Focus on crimes involving religious Jews sparks debate

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NEW YORK — Is it right to expect more moral behavior from those who present themselves as religious Jews than from those who do not?

The answer depends on which rabbi you ask.

The question arises in the wake of the indictment on sex crime charges of an aide to a prominent Chassidic rabbi and several instances of alleged breaches of ethical behavior by Jews who call themselves religious.

Among those whose morality has been called into question is a Reform rabbi, who has been the focus of community suspicion in the murder of his wife, though he has neither been arrested nor formally ruled out as a suspect.

On the other end of the religious spectrum are two leaders of a Chassidic community, who were arrested on charges of sexually molesting a teenage girl, and an Orthodox district attorney, whose financial abuses of his office and marital infidelities were recently exposed.

Such crimes are not limited to members of the rabbinate and Orthodox world, of course, but there is much greater interest in such cases when these individuals are involved.

Recognizing that even rabbis need explicit guidance about behaving ethically in financial and sexual matters in complicated times, the Reform movement updated its rabbinic ethics policy in 1991.

And a few months ago, the Reconstructionist Rabbinical Assembly adopted its own rabbinic ethics policy on similar matters.

The Conservative movement has no formal policy, though its rules for filing and dealing with a complaint against a rabbi are in the process of being clarified, said Rabbi Joel Meyers, executive vice president of the movement's Rabbinical Assembly.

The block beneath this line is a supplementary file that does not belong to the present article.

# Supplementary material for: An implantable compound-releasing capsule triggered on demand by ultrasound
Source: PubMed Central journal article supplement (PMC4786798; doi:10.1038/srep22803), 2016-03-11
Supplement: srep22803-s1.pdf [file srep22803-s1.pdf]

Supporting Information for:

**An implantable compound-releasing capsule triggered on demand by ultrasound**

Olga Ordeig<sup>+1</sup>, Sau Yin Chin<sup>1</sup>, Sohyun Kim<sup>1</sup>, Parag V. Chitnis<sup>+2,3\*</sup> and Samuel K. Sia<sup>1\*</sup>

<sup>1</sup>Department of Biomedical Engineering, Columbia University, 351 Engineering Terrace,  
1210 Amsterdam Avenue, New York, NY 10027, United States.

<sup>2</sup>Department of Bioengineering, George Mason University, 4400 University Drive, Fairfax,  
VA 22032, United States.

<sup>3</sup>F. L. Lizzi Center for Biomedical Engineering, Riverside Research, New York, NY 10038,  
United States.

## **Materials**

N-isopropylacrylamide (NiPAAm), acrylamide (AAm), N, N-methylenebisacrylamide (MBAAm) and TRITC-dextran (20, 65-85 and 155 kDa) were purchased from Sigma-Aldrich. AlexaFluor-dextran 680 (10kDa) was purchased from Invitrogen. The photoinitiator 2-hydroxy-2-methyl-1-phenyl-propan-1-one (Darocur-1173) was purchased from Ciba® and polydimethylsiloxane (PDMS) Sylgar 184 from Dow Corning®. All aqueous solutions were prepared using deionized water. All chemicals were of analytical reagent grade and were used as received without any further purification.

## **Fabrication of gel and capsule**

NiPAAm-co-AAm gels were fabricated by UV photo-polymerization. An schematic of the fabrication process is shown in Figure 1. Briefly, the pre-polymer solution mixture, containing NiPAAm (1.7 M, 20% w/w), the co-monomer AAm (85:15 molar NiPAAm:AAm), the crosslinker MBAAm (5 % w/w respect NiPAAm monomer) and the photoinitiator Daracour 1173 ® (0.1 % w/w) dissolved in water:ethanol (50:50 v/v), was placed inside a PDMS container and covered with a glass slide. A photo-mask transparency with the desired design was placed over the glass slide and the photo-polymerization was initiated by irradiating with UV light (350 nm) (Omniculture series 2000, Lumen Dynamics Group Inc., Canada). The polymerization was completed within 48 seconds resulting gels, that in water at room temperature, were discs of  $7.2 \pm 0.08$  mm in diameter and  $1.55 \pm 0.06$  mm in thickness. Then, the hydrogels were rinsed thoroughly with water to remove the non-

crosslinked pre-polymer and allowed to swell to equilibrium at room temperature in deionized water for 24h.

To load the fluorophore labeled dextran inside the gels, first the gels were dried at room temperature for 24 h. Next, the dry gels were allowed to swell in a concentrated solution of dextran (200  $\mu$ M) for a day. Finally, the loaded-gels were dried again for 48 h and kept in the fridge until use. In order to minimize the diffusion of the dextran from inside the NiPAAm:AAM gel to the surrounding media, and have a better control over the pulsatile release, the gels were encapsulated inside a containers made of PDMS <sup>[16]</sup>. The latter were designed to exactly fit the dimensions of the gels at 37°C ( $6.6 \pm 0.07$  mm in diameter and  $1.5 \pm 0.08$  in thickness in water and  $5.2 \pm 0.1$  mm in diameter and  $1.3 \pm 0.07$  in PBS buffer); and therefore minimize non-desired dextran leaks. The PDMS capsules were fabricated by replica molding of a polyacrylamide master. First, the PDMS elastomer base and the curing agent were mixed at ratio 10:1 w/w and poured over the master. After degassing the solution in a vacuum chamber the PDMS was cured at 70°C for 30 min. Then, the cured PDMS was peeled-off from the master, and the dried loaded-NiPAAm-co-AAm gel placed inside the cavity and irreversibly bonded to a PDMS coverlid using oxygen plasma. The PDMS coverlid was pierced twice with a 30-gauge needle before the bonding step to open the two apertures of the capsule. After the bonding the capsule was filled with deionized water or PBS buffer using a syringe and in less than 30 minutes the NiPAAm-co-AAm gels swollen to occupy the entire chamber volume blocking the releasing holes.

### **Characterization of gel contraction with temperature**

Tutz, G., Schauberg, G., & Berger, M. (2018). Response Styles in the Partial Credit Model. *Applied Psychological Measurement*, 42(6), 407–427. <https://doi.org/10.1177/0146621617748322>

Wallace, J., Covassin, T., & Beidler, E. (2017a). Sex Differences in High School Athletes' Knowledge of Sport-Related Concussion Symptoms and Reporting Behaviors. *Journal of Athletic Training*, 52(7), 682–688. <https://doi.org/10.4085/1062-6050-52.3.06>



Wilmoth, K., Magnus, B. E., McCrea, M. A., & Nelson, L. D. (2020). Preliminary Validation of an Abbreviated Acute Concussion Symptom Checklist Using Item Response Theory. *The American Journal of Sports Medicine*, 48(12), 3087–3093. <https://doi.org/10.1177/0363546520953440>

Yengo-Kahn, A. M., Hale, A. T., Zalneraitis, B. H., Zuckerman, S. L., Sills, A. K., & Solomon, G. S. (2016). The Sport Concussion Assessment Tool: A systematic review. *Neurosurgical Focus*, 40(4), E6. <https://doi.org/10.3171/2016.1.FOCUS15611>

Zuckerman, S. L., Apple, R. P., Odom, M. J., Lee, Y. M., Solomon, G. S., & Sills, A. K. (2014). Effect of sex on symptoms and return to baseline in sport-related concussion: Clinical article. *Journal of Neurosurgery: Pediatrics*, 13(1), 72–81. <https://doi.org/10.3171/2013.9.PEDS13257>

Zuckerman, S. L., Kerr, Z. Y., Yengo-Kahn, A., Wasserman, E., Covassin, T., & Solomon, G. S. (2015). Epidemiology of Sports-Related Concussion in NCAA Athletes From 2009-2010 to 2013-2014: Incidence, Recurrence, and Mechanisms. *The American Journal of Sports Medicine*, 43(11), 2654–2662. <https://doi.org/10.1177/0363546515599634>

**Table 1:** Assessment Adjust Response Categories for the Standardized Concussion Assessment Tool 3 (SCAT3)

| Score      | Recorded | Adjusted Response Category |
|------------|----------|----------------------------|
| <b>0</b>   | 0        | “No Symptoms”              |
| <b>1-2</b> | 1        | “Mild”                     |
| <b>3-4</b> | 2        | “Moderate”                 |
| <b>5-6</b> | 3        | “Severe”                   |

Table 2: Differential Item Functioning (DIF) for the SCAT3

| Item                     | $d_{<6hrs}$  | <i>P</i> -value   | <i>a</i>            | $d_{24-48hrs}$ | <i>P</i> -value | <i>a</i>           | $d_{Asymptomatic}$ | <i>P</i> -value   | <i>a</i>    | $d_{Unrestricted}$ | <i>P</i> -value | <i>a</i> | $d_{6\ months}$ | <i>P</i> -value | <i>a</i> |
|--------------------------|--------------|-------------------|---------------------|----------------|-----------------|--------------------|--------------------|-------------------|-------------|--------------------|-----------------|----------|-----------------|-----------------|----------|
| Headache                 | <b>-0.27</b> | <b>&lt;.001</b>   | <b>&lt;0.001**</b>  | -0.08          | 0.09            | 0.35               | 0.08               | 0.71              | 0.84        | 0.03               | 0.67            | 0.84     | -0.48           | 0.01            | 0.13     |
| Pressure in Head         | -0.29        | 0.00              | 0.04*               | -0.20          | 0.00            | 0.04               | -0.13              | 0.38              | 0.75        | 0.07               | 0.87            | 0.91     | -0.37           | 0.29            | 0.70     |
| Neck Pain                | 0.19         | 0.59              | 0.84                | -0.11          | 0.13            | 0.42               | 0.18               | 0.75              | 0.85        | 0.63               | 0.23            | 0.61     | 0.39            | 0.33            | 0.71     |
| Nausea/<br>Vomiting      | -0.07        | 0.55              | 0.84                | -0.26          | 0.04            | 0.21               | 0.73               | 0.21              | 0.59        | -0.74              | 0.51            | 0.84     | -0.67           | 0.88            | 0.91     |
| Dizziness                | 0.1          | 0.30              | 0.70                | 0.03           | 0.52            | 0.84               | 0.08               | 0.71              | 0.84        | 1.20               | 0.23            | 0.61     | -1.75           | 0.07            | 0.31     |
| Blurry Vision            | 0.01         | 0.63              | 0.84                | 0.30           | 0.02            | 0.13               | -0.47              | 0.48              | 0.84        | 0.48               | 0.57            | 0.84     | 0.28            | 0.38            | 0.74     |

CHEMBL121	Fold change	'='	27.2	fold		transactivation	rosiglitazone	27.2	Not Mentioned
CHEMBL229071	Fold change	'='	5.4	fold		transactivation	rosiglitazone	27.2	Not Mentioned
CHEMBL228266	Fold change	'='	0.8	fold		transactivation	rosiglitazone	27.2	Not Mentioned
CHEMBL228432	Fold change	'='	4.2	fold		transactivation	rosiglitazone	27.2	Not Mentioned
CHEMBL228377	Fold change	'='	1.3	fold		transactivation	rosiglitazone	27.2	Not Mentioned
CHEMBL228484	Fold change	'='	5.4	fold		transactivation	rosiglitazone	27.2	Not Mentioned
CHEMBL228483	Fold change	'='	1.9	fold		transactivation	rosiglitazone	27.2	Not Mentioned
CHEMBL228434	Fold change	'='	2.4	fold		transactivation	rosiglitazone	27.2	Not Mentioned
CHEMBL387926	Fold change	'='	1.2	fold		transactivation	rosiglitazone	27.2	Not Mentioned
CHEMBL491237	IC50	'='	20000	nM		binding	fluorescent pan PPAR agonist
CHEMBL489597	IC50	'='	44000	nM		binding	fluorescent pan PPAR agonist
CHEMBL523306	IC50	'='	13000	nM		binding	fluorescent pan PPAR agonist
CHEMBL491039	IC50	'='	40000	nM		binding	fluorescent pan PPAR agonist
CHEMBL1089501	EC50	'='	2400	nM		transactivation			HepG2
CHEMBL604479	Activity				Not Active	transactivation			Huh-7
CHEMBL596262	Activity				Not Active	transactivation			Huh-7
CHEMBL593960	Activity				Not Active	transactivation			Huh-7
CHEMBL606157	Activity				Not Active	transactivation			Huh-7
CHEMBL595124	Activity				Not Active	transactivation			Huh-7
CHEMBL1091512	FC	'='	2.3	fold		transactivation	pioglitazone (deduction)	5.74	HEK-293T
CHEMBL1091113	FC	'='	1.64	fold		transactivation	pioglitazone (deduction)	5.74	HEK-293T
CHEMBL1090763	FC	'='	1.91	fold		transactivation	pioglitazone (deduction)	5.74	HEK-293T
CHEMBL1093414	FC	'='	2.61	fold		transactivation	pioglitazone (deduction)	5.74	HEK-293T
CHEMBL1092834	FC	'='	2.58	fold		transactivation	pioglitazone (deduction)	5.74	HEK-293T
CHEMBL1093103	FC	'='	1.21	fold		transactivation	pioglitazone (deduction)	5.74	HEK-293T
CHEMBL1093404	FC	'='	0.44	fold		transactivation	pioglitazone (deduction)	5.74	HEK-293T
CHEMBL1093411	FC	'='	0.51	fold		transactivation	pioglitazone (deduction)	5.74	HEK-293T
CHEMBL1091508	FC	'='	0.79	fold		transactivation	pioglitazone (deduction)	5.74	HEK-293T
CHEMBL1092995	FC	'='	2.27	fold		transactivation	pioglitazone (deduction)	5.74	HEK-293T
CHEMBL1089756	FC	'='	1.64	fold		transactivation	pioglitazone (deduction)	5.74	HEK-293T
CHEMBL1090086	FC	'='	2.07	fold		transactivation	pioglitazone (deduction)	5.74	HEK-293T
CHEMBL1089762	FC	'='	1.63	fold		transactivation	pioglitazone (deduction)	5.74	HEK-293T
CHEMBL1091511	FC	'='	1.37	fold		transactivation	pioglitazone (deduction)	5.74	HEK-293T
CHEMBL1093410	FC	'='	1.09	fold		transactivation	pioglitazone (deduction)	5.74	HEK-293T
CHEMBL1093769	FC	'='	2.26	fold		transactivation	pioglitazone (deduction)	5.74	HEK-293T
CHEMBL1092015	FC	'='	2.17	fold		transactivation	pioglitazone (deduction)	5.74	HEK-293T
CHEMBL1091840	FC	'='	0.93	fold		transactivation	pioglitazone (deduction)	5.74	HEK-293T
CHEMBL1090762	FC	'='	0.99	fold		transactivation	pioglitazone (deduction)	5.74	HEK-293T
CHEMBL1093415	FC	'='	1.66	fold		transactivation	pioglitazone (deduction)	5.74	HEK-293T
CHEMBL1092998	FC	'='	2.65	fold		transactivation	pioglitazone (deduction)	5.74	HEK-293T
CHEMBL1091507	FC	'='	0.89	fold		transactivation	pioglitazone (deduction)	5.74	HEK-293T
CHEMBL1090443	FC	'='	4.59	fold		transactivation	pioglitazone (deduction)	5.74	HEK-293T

For the mainstream Orthodox rabbinical group, the Rabbinical Council of America, the ethics policy is "the laws of the Torah," said Rabbi Steven Dworken, the group's executive vice president.

"We presuppose that an Orthodox rabbi doesn't need more of a policy than that," he said.

But the current case involving allegations that a rabbi of the Pupa Chassidic sect and his assistant sexually abused a teenage girl while flying from Australia to Los Angeles suggests that not every Orthodox Jew follows the Torah closely.

Rabbi Israel Grunwald, the leader of Congregation Toldos Yakov Yosef in the Boro Park section of Brooklyn, was charged with the federal crime of sexually touching a minor, while his assistant, Yehudah Friedlander, was indicted for sexual abuse.

The court was told the rabbi had admitted to federal agents that he had committed some of the acts, which the girl said included forcing his hand under her clothing and repeatedly touching her breast and her vagina despite her pleas not to, according to news reports.

Friedlander reportedly pleaded guilty in 1991 to the charge of third-degree sexual abuse in a Monticello, N.Y., case.

A federal magistrate, in initially denying bail, called Friedlander "a danger to the entire community." The rabbis' attorney told reporters that both denied the charges.

The case is clearly getting more attention in the media than it would have had the alleged assailants been non-religious.

Rabbis of several denominations interviewed said the attention is justified.

According to one Orthodox rabbi, Irving "Yitz" Greenberg, "It is legitimate to expect more" moral behavior from the observant. Still, "no system, no matter how good, will not have individual failures."

That Friedlander had allegedly pleaded guilty to sexual abuse several years earlier, yet retained a position of importance within his community, was also cause for concern, said Greenberg.

"Was that behavior treated with the seriousness it deserves, or did the `oldboys' close ranks behind him? It raises that question," said Greenberg, president of CLAL — the Jewish Institute for Learning and Leadership.

"In the Orthodox community there is too much closing ranks and a `no one rock the boat' mentality. There is authoritarian leadership, and dissent is not tolerated. Criticism is seen as disloyalty," he said.

The spokesman for an ultra-reglious group, Agudath Israel of America, said he was not so certain that the focus on religious Jews' failings is legitimate.